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Solitary refinement

Minus Roche, Federer looks to redeem difficult spring

Posted: Thursday June 7, 2007 7:40PM; Updated: Friday June 8, 2007 11:30AM
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Roger Federer seeks his 11th Grand Slam title, which would tie Bjorn Borg and Rod Laver for third on the all-time list.
Roger Federer seeks his 11th Grand Slam title, which would tie Bjorn Borg and Rod Laver for third on the all-time list.
Jessica Kluetmeier/SI
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PARIS -- What has all that winning taught us about Roger Federer? We know he isn't a loudmouth. We know he likes the release of a good cry. We know he values good manners and the debatable virtues of a cream sports coat. He's capable of great toughness, but we also know he's fastidious -- what with that constant tucking away of his hair -- and foppish because he doesn't just hack it off.

Excellence can be thrilling, you see, but it doesn't always shed much light. But lately, life hasn't been so easy for the game's sun king. This is trouble for him, of course, but good for Federer watchers. Distress, uncertainty and failure always prove illuminating.

Yes, Federer has now reached another French Open final, but at this point, only the 2007 title can redeem a dreadful spring. After winning the 2007 Australian Open, he took a relatively savage tumble, not only going four straight tournaments without a win for the first time since becoming No. 1 in Feb. 2004, but losing to clear inferiors like Guillermo Canas -- twice -- and a wild card named Filippo Volandri in Rome. Federer then fired his coach, Tony Roche: A cloud of panic hovered over the palace. Crushing a wearied Rafael Nadal in the final of the Hamburg tuneup helped matters, but won't count as much of a cure unless he consolidates. For the moment, the shivers from Federer's cold snap linger on.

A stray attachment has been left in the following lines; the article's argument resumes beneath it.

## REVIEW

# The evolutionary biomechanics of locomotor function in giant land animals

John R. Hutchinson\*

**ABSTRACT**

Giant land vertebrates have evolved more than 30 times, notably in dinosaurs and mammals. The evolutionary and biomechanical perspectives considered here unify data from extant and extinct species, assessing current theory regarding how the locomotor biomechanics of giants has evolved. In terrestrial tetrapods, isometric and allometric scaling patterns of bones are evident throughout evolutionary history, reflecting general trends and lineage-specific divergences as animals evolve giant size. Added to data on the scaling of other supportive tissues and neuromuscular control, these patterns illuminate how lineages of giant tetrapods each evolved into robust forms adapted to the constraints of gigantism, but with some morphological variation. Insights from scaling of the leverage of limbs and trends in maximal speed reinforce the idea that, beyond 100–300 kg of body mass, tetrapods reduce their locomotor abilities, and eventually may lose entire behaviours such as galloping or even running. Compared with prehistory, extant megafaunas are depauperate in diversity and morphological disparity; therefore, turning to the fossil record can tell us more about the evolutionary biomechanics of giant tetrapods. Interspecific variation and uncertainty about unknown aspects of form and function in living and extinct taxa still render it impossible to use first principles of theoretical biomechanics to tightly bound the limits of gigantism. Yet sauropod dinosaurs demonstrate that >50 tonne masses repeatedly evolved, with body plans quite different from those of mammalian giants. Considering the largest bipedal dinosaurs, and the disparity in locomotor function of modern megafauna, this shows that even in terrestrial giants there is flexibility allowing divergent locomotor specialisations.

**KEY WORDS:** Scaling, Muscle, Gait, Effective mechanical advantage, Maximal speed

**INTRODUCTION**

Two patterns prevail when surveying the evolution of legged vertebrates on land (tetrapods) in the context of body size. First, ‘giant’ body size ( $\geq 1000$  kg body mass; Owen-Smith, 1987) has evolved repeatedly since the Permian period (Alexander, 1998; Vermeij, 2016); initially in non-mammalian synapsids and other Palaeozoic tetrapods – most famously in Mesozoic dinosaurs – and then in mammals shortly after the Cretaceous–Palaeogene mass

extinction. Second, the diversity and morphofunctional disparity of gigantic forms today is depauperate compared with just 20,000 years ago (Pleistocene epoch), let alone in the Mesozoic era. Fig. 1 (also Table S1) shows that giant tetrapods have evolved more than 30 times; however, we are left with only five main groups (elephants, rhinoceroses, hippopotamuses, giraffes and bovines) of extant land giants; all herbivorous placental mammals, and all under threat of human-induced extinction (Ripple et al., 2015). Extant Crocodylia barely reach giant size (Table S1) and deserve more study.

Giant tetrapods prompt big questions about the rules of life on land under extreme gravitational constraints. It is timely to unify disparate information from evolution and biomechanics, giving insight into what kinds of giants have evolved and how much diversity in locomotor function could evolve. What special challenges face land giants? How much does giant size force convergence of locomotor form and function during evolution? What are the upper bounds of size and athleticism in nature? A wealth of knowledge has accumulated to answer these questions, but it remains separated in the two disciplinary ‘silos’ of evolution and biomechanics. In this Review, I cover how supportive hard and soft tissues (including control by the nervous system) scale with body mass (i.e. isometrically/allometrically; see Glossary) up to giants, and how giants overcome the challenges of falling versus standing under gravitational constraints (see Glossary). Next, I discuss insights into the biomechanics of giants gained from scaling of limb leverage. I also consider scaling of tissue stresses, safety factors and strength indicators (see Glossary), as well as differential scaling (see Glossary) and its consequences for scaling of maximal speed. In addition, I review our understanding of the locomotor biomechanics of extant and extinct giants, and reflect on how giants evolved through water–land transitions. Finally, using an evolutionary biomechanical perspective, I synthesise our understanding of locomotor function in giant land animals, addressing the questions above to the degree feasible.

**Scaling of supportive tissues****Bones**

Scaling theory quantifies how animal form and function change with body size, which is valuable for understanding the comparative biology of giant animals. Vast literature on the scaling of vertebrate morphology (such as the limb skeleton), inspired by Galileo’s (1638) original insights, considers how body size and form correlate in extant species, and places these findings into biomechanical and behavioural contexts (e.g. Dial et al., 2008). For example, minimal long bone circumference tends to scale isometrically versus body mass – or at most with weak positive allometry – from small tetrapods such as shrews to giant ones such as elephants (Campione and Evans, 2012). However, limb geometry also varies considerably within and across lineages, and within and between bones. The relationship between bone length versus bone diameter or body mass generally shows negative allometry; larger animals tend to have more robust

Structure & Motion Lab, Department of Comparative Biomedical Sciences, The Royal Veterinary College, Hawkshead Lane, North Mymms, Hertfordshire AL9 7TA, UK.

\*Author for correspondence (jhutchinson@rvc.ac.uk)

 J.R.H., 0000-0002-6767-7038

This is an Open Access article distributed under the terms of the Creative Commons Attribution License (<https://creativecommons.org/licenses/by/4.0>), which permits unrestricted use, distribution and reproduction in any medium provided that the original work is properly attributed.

So what has losing taught us about Federer? We know now that, even though the timing couldn't be worse, he'd rather solve a problem rather than cover it up. Roche was only part-time and missed enough Grand Slam events to make that an easy option; Federer could've waited until after the U.S. Open to fire him quietly. We also now know that, like many great competitors, Federer can be egocentric and oddly shy -- even to the point of destroying the most important relationship of his professional life.

Consider Federer's own definition of the player-coach dynamic. "It's more friendship than in soccer or other sports where the coach is the absolute respect person," he said last Sunday afternoon. "In tennis, you're more the boss and he's your friend and here to help you; you're trying to go through something together. That's why when it ends it's hard."

Yet when Federer describes what went wrong with Roche, with whom he won six of his 10 Grand Slam titles, we learn he's not much for confrontation. Roche, a former French Open champion, is famously tight-lipped. There's a near forty-year age gap between the two men. From the end of the Australian Open in January to the moment the two met up again in Monte Carlo in April, Federer said, the two men didn't talk once -- a nine-week silence, just as he was preparing for the pivotal clay season, that neither was willing or able to break.

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